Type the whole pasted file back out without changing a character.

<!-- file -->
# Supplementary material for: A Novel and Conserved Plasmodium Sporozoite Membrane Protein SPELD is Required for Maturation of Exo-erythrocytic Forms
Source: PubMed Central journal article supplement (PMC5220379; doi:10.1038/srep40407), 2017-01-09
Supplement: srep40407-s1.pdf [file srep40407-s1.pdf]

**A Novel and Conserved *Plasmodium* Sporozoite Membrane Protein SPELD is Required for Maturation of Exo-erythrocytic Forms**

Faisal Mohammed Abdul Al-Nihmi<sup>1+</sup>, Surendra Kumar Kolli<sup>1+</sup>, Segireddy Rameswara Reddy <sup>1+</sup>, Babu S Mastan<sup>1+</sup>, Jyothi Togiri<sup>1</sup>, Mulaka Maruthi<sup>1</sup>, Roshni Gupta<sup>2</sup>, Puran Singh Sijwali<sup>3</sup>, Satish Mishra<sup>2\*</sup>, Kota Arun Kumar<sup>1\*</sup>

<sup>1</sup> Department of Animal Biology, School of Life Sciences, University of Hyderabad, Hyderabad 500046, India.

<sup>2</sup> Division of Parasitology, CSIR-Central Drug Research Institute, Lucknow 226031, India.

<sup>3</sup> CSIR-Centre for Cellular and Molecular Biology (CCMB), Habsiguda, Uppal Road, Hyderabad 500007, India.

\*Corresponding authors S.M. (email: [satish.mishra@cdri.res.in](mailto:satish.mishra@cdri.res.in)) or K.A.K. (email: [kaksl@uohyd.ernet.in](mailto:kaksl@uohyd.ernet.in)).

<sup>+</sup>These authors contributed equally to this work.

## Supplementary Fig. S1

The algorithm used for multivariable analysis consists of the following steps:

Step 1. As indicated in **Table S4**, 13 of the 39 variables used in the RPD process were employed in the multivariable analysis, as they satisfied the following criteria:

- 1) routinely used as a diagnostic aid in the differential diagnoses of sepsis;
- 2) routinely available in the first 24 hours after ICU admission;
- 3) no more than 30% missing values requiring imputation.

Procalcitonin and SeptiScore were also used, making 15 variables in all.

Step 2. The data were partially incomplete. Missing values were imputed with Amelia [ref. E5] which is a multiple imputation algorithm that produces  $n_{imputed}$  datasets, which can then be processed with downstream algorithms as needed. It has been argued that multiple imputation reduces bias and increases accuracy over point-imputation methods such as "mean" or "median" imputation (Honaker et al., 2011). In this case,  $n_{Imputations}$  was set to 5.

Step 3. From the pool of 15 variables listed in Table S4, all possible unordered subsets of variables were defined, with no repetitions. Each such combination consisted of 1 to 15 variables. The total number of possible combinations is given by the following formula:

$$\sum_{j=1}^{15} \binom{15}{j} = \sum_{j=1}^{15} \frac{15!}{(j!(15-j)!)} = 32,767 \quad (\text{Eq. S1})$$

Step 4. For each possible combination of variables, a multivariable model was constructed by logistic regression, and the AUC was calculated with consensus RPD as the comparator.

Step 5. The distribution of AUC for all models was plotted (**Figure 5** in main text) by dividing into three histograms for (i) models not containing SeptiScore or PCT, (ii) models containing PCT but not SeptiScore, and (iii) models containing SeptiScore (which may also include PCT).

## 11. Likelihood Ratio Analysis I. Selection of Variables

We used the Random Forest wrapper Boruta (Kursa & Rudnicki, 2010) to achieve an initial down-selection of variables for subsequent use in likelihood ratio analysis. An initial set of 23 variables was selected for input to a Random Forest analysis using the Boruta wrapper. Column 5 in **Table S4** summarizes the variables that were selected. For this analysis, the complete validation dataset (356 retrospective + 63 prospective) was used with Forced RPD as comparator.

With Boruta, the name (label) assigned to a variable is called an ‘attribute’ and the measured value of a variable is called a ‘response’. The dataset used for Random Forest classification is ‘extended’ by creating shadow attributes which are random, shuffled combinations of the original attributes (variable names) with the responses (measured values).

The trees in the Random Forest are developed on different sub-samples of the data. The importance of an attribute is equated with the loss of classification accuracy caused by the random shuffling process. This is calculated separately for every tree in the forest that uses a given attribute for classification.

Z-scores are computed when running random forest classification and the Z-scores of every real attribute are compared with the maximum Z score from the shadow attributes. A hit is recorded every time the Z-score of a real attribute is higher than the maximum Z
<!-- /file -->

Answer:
# Supplementary material for: A Novel and Conserved Plasmodium Sporozoite Membrane Protein SPELD is Required for Maturation of Exo-erythrocytic Forms
Source: PubMed Central journal article supplement (PMC5220379; doi:10.1038/srep40407), 2017-01-09
Supplement: srep40407-s1.pdf [file srep40407-s1.pdf]

**A Novel and Conserved *Plasmodium* Sporozoite Membrane Protein SPELD is Required for Maturation of Exo-erythrocytic Forms**

Faisal Mohammed Abdul Al-Nihmi<sup>1+</sup>, Surendra Kumar Kolli<sup>1+</sup>, Segireddy Rameswara Reddy <sup>1+</sup>, Babu S Mastan<sup>1+</sup>, Jyothi Togiri<sup>1</sup>, Mulaka Maruthi<sup>1</sup>, Roshni Gupta<sup>2</sup>, Puran Singh Sijwali<sup>3</sup>, Satish Mishra<sup>2\*</sup>, Kota Arun Kumar<sup>1\*</sup>

<sup>1</sup> Department of Animal Biology, School of Life Sciences, University of Hyderabad, Hyderabad 500046, India.

<sup>2</sup> Division of Parasitology, CSIR-Central Drug Research Institute, Lucknow 226031, India.

<sup>3</sup> CSIR-Centre for Cellular and Molecular Biology (CCMB), Habsiguda, Uppal Road, Hyderabad 500007, India.

\*Corresponding authors S.M. (email: [satish.mishra@cdri.res.in](mailto:satish.mishra@cdri.res.in)) or K.A.K. (email: [kaksl@uohyd.ernet.in](mailto:kaksl@uohyd.ernet.in)).

<sup>+</sup>These authors contributed equally to this work.

## Supplementary Fig. S1

The algorithm used for multivariable analysis consists of the following steps:

Step 1. As indicated in **Table S4**, 13 of the 39 variables used in the RPD process were employed in the multivariable analysis, as they satisfied the following criteria:

- 1) routinely used as a diagnostic aid in the differential diagnoses of sepsis;
- 2) routinely available in the first 24 hours after ICU admission;
- 3) no more than 30% missing values requiring imputation.

Procalcitonin and SeptiScore were also used, making 15 variables in all.

Step 2. The data were partially incomplete. Missing values were imputed with Amelia [ref. E5] which is a multiple imputation algorithm that produces  $n_{imputed}$  datasets, which can then be processed with downstream algorithms as needed. It has been argued that multiple imputation reduces bias and increases accuracy over point-imputation methods such as "mean" or "median" imputation (Honaker et al., 2011). In this case,  $n_{Imputations}$  was set to 5.

Step 3. From the pool of 15 variables listed in Table S4, all possible unordered subsets of variables were defined, with no repetitions. Each such combination consisted of 1 to 15 variables. The total number of possible combinations is given by the following formula:

$$\sum_{j=1}^{15} \binom{15}{j} = \sum_{j=1}^{15} \frac{15!}{(j!(15-j)!)} = 32,767 \quad (\text{Eq. S1})$$

Step 4. For each possible combination of variables, a multivariable model was constructed by logistic regression, and the AUC was calculated with consensus RPD as the comparator.

Step 5. The distribution of AUC for all models was plotted (**Figure 5** in main text) by dividing into three histograms for (i) models not containing SeptiScore or PCT, (ii) models containing PCT but not SeptiScore, and (iii) models containing SeptiScore (which may also include PCT).

## 11. Likelihood Ratio Analysis I. Selection of Variables

We used the Random Forest wrapper Boruta (Kursa & Rudnicki, 2010) to achieve an initial down-selection of variables for subsequent use in likelihood ratio analysis. An initial set of 23 variables was selected for input to a Random Forest analysis using the Boruta wrapper. Column 5 in **Table S4** summarizes the variables that were selected. For this analysis, the complete validation dataset (356 retrospective + 63 prospective) was used with Forced RPD as comparator.

With Boruta, the name (label) assigned to a variable is called an ‘attribute’ and the measured value of a variable is called a ‘response’. The dataset used for Random Forest classification is ‘extended’ by creating shadow attributes which are random, shuffled combinations of the original attributes (variable names) with the responses (measured values).

The trees in the Random Forest are developed on different sub-samples of the data. The importance of an attribute is equated with the loss of classification accuracy caused by the random shuffling process. This is calculated separately for every tree in the forest that uses a given attribute for classification.

Z-scores are computed when running random forest classification and the Z-scores of every real attribute are compared with the maximum Z score from the shadow attributes. A hit is recorded every time the Z-score of a real attribute is higher than the maximum Z